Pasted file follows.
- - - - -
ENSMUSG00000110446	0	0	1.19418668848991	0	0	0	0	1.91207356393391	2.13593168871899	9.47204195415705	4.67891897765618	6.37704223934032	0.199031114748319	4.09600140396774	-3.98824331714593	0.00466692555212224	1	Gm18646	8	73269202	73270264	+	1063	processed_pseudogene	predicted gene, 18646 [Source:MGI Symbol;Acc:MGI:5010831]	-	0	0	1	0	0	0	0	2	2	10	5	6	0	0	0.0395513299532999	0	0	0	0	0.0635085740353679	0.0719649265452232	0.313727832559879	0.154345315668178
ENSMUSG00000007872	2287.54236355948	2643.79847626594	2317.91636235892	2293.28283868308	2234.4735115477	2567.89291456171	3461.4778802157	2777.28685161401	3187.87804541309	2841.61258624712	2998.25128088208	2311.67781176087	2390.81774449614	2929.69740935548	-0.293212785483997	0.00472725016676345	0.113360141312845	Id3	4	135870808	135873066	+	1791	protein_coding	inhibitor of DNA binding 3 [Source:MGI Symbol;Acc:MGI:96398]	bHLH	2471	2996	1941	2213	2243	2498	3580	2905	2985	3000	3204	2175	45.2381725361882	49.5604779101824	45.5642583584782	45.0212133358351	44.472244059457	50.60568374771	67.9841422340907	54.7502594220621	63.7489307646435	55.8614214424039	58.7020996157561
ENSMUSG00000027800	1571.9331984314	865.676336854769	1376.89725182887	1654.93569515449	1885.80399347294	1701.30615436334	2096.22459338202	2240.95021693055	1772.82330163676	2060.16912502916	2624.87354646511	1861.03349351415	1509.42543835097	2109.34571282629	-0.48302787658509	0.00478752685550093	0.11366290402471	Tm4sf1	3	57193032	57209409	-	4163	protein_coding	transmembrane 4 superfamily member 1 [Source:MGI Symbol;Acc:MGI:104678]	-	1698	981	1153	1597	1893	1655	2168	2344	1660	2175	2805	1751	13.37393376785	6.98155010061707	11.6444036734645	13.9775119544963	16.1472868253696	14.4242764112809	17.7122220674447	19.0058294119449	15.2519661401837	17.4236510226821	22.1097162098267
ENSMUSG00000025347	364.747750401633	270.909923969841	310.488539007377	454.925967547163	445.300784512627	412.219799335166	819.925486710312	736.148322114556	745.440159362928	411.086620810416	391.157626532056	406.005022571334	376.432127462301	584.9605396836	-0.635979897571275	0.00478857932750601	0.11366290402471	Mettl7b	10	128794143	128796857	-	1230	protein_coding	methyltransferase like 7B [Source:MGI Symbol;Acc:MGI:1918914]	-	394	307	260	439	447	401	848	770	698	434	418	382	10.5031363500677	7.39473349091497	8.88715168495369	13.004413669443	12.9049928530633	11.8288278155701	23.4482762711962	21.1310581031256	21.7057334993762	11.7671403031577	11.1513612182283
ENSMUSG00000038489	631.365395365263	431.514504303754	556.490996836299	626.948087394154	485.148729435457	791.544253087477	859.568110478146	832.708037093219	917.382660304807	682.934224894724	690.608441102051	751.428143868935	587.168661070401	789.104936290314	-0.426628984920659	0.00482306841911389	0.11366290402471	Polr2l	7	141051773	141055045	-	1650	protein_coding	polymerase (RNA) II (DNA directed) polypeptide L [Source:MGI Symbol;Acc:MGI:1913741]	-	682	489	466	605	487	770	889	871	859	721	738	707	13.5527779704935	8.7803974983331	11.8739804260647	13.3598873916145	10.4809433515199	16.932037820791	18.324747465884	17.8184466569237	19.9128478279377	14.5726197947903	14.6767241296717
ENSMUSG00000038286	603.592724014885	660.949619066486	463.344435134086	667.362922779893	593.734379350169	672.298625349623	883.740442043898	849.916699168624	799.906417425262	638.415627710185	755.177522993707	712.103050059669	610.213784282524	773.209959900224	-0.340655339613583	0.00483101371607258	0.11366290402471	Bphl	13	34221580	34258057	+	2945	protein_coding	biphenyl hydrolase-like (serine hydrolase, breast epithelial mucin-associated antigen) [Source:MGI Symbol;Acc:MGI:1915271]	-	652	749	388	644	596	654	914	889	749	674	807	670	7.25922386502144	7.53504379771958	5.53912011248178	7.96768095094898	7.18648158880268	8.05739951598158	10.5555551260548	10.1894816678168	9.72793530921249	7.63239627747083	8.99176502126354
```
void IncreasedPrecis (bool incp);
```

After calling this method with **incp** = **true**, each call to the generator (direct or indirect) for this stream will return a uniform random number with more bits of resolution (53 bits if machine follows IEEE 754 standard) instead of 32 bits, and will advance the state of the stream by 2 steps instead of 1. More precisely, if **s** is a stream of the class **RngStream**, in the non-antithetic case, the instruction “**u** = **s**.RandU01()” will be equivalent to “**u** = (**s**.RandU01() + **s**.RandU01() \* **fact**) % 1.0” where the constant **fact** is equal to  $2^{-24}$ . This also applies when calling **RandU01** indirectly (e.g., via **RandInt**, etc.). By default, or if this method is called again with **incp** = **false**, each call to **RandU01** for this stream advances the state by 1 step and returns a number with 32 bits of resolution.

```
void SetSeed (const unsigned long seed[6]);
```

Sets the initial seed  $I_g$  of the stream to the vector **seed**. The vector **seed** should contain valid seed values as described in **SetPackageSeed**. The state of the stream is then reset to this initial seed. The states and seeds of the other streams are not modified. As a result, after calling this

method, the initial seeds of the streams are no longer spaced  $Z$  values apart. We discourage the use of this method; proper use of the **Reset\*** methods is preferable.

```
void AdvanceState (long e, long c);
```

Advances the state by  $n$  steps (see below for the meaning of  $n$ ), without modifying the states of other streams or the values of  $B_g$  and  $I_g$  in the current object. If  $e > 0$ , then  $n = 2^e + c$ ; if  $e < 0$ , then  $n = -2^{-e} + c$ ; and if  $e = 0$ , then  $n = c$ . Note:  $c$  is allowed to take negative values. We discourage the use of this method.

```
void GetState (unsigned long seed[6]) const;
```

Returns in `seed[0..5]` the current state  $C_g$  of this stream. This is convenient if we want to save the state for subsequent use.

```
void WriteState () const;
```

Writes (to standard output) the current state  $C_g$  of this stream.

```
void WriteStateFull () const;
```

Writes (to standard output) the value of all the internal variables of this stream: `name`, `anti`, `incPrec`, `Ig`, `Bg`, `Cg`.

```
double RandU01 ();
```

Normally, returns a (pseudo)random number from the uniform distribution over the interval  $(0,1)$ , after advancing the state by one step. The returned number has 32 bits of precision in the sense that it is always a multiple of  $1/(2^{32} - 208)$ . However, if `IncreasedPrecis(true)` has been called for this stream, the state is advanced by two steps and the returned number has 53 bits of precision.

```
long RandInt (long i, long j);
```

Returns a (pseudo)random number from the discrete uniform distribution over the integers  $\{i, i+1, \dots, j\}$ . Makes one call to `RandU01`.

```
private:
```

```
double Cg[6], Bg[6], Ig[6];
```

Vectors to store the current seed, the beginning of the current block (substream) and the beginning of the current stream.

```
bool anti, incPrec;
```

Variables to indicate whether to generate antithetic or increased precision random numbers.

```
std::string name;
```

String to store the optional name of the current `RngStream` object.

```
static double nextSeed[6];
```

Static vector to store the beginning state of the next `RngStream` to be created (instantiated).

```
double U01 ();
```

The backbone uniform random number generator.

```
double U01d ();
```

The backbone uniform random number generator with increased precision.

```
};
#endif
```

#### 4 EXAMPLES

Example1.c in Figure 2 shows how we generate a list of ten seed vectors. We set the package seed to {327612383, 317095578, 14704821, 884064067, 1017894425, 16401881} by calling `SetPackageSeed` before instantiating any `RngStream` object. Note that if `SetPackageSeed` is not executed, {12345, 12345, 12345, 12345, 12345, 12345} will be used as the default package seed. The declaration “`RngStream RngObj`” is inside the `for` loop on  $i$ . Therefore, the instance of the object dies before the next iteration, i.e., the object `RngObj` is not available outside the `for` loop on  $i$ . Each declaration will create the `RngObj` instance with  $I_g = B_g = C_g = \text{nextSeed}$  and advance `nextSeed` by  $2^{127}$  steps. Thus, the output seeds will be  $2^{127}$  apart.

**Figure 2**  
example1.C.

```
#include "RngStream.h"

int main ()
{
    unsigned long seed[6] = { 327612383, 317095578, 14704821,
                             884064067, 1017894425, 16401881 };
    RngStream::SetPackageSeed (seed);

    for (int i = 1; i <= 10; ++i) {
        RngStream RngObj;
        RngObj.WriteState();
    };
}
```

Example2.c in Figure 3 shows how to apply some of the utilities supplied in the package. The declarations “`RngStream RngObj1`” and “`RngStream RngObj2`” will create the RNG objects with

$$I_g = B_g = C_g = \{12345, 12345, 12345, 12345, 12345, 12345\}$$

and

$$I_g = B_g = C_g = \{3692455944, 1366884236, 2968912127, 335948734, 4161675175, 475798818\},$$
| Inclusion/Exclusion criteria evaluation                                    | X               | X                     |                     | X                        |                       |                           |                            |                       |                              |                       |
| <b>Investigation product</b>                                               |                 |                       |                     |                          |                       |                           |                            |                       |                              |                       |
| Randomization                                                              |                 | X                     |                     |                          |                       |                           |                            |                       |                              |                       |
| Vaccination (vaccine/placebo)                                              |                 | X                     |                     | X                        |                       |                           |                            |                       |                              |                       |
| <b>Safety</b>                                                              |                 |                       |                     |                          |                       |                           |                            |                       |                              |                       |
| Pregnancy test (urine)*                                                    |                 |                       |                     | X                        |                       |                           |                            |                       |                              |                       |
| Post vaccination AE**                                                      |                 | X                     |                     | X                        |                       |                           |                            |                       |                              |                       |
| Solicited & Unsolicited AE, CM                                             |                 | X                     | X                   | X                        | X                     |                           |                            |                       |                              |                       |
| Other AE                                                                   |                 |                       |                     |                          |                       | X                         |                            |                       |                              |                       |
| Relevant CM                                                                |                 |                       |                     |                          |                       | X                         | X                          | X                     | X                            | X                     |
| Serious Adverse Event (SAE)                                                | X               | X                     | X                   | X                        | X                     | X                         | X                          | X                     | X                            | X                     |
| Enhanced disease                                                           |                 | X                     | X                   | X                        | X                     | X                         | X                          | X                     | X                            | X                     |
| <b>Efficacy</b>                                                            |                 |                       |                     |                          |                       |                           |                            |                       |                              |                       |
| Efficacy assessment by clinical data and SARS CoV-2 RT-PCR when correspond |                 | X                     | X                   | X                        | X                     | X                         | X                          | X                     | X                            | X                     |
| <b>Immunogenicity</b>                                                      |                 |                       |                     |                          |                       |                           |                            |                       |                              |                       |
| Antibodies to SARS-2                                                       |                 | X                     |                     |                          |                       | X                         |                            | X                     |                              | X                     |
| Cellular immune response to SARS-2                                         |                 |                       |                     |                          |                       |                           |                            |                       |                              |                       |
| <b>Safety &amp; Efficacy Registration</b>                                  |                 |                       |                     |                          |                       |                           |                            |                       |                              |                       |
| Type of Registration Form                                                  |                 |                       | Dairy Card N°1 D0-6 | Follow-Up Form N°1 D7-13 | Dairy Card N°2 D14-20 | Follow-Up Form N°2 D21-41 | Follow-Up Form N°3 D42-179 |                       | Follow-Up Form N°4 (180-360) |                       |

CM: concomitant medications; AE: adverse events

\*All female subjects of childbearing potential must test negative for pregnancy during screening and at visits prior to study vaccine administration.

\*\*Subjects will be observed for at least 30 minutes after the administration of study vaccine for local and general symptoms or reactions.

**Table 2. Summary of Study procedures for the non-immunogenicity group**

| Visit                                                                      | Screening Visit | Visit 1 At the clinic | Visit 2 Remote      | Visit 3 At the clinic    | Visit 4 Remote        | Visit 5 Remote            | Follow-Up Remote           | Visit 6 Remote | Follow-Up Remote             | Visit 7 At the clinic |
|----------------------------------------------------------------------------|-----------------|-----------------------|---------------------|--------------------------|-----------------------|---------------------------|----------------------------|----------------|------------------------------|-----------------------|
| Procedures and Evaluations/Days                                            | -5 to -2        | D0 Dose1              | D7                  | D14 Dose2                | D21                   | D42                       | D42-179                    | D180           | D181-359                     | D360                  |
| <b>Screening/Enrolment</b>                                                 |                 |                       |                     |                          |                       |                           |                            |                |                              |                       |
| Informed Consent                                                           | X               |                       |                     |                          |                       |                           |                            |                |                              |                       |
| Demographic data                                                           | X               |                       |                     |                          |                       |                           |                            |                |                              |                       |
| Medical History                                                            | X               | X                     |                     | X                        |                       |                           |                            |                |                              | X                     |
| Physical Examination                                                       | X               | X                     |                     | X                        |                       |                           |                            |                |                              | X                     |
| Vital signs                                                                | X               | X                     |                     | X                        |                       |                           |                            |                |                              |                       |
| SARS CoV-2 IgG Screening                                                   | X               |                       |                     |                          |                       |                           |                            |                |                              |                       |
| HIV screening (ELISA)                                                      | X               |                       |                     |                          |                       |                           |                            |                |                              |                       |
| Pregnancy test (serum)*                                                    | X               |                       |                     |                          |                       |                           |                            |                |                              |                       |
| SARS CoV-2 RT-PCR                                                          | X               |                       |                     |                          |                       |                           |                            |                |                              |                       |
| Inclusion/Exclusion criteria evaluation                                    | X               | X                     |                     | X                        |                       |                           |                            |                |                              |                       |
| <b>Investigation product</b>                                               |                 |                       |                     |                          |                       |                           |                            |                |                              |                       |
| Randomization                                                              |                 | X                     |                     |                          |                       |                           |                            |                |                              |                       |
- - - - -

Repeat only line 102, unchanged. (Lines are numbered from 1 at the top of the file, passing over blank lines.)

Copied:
| Serious Adverse Event (SAE)                                                | X               | X                     | X                   | X                        | X                     | X                         | X                          | X                     | X                            | X                     |